Trail of nostalgia starts with a mystery and ends with a grin


January 30, 1995|By DAN RODRICKS

Somebody calls me up and wants to know why the Jones Falls Expressway smells like vinegar, right near Cold Spring Lane. They expect me to do the legwork -- make that, the nose job -- in hunting down the source of this aroma. But I don't mind because I already know the answer. I stuck my schnozzle into this question years ago. Fleischmann's Vinegar was the answer then; it's the answer now.

But, questions from curious readers keep coming in the mail, over the phone, via fax. The queries have piled high in the back of my truck. Today I'm cleaning out the truck.

A good man in D.C.

"Hey Dan," somebody on the phone wants to know, "whatever happened to Jack Bowden?"

For two decades a respected no-baloney reporter of the Baltimore scene for WMAR-TV, Channel 2, Bowden has been covering Maryland news for WJLA-TV, Channel 7 for the last four years. He was the only D.C.-based reporter to cover the elevation of Archbishop William H. Keeler to cardinal at the Vatican in November. These days, you likely will see Bowden on Channel 7's evening newscasts, probably covering the state legislature and sometimes performing backup anchor roles. You'll probably also recognize him -- if you haven't already -- as a TV reporter in a scene from "Forrest Gump." Bowden, made up with 1970s-style sideburns, does a report in front of the White House to set up the scene where Gump (Tom Hanks) meets Richard Nixon (Richard Nixon). "Tell you the truth I didn't think I'd make it into the film," Bowden says. "But the scene is definitely in there, and I get a lot of comment on it. People recognize me from the movie when I go on assignments. It's been fun."

Suds over the years

Joseph Kasprzak of Baltimore asks: "Where were the old breweries of American, Free State and Arrow beers located? A friend called to ask. I named the American at Gay and Washington, but the other two stumped me. Can you help?"

No. But Turkey Joe Trabert can. He's an expert on suds -- by consumption and by scholarship. He keeps a copy of William J. Kelley's "Brewing in Maryland" on his night stand. "The American Brewery still stands on Gay Street, the 1700 block," Turkey says. "Arrow was brewed at Hanover and Conway, where the ballpark is now. It was the first beer legally produced after repeal [of Prohibition], April 7, 1933. The beer was later brewed in Cumberland by the Queen City Co. . . . Free State -- I never drank that beer -- was brewed in the block bounded by Hillen, Ensor, Monument and Forrest, where the gas company is. You look at it and you see that it might have been a brewery, about a block from the penitentiary. Free State was brewed from April 1933 til May 1950. But I never drank it."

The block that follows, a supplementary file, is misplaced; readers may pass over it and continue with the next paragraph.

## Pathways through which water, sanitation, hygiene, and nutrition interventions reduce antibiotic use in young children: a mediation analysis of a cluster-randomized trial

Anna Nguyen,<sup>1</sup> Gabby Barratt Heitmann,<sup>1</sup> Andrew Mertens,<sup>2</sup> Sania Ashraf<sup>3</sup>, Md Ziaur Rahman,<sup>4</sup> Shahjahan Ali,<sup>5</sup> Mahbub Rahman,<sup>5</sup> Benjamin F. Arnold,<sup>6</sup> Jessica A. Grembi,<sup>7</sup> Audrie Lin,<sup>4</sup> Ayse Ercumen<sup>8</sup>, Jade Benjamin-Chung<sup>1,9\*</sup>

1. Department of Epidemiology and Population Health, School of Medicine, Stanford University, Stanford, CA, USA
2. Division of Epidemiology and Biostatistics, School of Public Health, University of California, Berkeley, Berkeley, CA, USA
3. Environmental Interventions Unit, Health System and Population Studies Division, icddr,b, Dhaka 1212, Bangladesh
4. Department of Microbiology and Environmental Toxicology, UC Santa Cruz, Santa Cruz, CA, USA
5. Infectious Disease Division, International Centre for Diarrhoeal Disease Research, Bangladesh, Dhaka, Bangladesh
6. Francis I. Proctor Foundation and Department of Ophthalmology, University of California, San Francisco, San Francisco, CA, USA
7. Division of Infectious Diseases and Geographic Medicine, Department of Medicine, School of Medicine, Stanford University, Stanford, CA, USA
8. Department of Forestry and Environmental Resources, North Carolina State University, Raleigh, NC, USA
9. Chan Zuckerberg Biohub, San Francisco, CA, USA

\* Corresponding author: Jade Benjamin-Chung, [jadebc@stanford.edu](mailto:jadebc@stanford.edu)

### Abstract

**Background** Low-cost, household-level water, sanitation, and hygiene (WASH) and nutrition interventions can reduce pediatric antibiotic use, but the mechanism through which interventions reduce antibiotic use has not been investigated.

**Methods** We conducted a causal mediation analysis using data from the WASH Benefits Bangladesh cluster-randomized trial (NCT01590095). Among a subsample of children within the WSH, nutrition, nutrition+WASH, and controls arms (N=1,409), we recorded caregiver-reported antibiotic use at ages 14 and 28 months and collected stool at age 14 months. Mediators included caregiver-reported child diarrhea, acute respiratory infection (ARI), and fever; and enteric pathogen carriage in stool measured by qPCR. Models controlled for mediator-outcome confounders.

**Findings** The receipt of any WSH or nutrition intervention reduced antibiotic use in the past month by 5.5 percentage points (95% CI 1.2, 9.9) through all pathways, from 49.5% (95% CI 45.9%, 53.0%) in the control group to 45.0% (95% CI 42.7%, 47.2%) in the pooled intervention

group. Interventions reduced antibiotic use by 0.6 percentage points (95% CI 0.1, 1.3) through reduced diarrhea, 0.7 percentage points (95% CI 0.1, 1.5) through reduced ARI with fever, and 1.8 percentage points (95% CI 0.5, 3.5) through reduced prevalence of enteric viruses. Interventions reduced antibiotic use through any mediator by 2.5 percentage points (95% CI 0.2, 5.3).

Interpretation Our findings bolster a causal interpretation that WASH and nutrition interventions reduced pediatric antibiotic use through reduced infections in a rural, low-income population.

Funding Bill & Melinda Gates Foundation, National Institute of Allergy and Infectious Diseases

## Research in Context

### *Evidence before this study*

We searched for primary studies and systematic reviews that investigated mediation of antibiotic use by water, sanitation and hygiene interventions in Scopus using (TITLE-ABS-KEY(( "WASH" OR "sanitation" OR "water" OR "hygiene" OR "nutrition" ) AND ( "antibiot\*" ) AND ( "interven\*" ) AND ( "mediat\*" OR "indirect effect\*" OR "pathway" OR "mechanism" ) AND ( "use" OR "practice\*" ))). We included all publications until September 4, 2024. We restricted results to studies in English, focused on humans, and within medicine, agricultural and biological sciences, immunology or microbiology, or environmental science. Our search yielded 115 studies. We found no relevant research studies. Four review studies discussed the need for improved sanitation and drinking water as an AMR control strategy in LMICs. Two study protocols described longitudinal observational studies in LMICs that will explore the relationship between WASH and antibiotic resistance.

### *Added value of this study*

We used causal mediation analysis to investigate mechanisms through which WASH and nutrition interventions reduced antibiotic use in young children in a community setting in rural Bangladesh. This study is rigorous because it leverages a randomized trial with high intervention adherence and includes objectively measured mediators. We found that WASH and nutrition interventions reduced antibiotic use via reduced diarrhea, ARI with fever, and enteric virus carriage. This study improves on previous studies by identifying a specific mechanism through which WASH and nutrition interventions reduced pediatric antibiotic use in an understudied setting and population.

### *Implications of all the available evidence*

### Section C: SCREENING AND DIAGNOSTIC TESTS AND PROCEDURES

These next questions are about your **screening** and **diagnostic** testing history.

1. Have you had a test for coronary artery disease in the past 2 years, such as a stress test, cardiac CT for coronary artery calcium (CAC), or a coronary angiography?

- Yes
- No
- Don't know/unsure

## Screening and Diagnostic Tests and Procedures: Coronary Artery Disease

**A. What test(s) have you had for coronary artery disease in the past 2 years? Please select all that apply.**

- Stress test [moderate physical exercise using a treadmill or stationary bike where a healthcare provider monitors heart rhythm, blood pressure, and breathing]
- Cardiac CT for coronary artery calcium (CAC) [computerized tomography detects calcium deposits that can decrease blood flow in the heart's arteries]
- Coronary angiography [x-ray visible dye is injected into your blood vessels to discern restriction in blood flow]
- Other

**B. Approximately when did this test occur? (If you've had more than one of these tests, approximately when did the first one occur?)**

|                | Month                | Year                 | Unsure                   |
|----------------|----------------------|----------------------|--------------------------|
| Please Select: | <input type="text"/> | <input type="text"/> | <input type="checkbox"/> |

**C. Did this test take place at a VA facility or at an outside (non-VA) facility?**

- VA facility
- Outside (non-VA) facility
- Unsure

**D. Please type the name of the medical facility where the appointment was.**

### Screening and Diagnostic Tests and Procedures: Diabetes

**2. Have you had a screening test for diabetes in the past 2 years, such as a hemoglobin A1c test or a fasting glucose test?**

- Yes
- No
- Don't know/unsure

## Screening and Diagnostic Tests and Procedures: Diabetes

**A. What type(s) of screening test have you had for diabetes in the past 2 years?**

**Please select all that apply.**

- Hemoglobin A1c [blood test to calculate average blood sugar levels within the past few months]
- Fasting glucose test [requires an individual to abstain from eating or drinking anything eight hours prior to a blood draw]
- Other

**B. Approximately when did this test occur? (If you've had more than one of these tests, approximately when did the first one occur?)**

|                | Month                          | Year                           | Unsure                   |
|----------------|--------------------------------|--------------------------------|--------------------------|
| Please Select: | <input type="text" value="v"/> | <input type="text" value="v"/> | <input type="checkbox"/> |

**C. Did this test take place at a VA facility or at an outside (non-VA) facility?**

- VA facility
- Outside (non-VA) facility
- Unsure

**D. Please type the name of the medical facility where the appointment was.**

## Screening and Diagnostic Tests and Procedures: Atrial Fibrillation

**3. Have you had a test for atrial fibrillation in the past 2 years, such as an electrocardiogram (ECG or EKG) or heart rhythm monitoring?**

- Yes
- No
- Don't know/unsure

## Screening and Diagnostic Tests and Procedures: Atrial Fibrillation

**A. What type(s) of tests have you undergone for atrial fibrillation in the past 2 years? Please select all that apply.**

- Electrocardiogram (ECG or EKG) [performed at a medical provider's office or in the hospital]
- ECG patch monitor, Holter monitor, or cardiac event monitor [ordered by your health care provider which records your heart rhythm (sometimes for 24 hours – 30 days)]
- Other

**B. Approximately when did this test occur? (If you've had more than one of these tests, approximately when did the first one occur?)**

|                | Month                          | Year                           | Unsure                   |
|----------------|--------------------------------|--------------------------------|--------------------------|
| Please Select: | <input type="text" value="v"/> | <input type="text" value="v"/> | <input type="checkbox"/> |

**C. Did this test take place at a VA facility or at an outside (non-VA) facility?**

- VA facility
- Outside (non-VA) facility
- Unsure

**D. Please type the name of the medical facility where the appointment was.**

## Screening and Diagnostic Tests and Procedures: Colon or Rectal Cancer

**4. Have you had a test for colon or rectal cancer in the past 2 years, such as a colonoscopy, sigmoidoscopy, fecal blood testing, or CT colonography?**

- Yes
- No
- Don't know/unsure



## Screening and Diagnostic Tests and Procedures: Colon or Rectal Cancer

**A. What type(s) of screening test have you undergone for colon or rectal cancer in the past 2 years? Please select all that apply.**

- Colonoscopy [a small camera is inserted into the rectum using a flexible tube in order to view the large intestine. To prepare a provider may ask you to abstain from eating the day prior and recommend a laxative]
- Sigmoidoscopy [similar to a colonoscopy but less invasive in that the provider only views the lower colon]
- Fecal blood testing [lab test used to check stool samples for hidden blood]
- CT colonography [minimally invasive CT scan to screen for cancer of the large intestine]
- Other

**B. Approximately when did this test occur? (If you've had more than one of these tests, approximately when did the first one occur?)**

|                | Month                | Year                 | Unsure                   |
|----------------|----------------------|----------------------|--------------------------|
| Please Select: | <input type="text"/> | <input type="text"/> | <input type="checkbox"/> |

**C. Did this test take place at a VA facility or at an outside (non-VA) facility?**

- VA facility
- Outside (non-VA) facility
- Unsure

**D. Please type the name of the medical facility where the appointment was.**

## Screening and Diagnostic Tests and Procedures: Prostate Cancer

Sources of sweetness

"Dear Dan," writes Vivienne Stearns-Elliot, "I bought a bag of Domino Sugar recently at Giant and, out of curiosity, checked the manufacturing label to see where it was produced. I expected it to say Baltimore, but instead it was from somewhere in New York. What does that Domino plant in the Inner Harbor do? (I feel like I'm writing Dear Abby)."

Don't be so self-conscious, Viv. It's a good, hometown-sensitive question. According to Ed Saul, administrative service manager for Domino, the address placed on the package is that of the company's national headquarters in Brooklyn, N.Y. Domino has a plant there, as well as in New Orleans and, of course, Baltimore. To figure out where your bag of sweet stuff came from, check the number below the address on the bag. Each manufacturing plant has its own code. If the first number is 4, that means it's from Baltimore.

Alive and well in Virginia

"Dear Dan," writes Joe Naujokas of Owings Mills, "Whatever happened to Mike McCarthy of WMIX 106.5 FM? I wouldn't expect the station to give a straight answer. Did he quit? Was he fired? Where is he now? We enjoyed his radio show very much and we miss him."

"I'm flattered to hear that," said McCarthy when contacted in Richmond, Va. He works there as a morning deejay for another FM station with the "Mix" format, WMXB-FM. Basically, McCarthy is doing the same work he did in Baltimore, playing the hits of the '70s, '80s and '90s from 5:30 a.m. till 9 a.m. weekdays, and, when possible, splashing the airwaves with his personality. His contract with WMIX ended in August. "And we just decided to part company," McCarthy says. He started the Richmond job the same month he left Baltimore.

Getting it straight

"Danny boy," says a reader. "You spelled Meshach Meshack and you called him a '19th century colonist.' Come on, man."

OK. The man acclaimed as Maryland's greatest hunter was Meshach Browning. I shouldn't have called him a colonist in Friday's column. A more accurate term might be "settler," since he did most of his traipsing through the Garrett County wilderness in the early 1800s. His book, "Forty-Four Years In the Life of a Hunter," is rich with Browning stories "roughly written down by himself" and well worth reading. There's a new limited edition of it available for $25 through Appalachian Background Inc., Oakland, Md.

Get a load of this

Sign at All-State Building Supply Co., Seminary Avenue, Lutherville: "Farwood For Sale!"

Baltimore Sun Articles
Please note the green-lined linked article text has been applied commercially without any involvement from our newsroom editors, reporters or any other editorial staff.